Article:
Yes. If you’ve ever suffered a sunburn after a day of sun-filled activities, you know that uncomfortable burning sensation can make it hard to fall asleep, shower, or even get dressed. So, while sun exposure is a great way to naturally create vitamin D in your body, it’s evident that too much time in the sun allows UV rays to reach your inner skin layers (sunburn). Too much of this over time may cause permanent skin damage and potentially serious illness.6
Skin damage from sun exposure can also cause premature aging of your skin, including fine lines and wrinkles. This is why paying attention to how long you spend in the sun is so important. Sun damage can begin seconds after spending 30 minutes outside, depending on how fair your skin is.7 To help combat skin damage when spending time outside, bring sunscreen with you and apply it liberally (and often), and try to find shady areas when you can or wear a wide-brimmed hat.
If you’re looking for ways to prevent aging due to too much sun, consider looking into skincare and makeup products that provide SPF coverage to the skin.
The good news is that, as previously mentioned, you can still absorb the correct amount of vitamin D while wearing sunscreen in order to protect your skin against sun damage. This is because sunscreen is used as a filter for UVB rays, which happen to be the same rays that trigger vitamin D production in the body. Nevertheless, studies have not found any correlation between wearing sunscreen and vitamin D deficiency since it doesn’t take much sun exposure to kickstart vitamin D production, so there’s plenty to gain from keeping your skin safe and healthy when spending time out in the sun.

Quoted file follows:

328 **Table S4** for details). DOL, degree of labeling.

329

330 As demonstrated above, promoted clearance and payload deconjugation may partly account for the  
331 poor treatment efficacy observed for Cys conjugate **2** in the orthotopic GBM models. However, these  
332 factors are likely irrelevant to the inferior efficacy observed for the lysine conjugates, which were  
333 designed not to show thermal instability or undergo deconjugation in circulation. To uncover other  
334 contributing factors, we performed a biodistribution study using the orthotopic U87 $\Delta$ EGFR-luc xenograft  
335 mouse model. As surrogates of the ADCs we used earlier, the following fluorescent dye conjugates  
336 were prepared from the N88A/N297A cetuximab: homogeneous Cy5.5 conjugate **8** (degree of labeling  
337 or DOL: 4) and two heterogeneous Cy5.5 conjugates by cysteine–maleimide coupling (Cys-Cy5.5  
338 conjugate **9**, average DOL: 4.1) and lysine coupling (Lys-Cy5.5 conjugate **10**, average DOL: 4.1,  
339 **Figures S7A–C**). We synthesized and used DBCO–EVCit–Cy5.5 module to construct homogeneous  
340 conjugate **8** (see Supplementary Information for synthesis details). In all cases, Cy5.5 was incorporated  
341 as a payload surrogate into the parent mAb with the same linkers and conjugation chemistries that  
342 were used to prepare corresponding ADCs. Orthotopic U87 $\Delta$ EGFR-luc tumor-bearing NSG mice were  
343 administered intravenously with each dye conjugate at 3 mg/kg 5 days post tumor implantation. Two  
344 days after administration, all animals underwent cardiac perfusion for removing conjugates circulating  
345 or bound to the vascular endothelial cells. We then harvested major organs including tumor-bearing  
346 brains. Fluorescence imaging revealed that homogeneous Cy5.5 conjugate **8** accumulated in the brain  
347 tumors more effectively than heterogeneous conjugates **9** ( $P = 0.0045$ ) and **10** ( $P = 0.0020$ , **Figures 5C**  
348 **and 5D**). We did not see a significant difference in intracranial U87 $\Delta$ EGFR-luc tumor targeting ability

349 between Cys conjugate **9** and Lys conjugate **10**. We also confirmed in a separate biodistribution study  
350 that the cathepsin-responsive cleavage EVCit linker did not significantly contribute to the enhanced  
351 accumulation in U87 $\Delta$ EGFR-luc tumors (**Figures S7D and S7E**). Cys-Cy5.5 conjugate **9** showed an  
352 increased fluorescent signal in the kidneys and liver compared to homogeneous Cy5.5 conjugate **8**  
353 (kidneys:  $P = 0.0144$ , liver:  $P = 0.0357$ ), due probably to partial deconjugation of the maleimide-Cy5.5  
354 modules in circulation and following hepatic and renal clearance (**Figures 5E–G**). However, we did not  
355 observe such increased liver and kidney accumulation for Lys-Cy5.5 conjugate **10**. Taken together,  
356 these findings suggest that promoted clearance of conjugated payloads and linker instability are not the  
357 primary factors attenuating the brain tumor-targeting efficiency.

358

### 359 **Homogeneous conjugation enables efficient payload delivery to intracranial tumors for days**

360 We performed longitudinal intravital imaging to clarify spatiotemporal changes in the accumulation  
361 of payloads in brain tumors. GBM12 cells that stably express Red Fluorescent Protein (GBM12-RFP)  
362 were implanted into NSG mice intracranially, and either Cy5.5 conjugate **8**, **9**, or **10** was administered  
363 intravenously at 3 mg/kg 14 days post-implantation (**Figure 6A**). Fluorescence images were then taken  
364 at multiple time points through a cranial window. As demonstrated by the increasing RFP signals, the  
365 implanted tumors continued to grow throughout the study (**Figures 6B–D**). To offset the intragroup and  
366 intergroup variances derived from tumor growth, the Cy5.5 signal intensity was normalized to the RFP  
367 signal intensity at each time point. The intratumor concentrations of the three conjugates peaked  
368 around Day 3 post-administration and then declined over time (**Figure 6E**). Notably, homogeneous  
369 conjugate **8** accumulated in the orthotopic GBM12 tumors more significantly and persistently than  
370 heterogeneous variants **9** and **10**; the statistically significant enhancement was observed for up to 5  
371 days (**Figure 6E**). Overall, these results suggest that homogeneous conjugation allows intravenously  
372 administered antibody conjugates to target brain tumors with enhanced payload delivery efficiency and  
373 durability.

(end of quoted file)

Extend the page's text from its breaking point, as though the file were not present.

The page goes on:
Factors That Prevent You From Getting Enough Vitamin D
One factor that’s been previously discussed is how sitting in front of a window doesn’t allow you to get the necessary vitamin D nutrients that the sun provides. There are a few others that are important to note:
Time of day: As you learned earlier, your skin tends to produce more vitamin D when the sun is at its highest point. This makes the early afternoon the best time to get the vitamin D you need as opposed to going outside at, say, dusk.
Amount of skin exposed: It stands to reason that the more skin exposed to the sun, the more vitamin D your body may make. For instance, exposing your back produces significantly more vitamin D than just exposing your hands or face.
Skin color and location: Lighter skin colors create vitamin D more quickly than darker skin tones because of the amounts of melanin found in skin. Similarly, one’s geographical location to the equator also has an impact on how much vitamin D their bodies can create.8
Tips For Low Levels Of Vitamin D Deficiency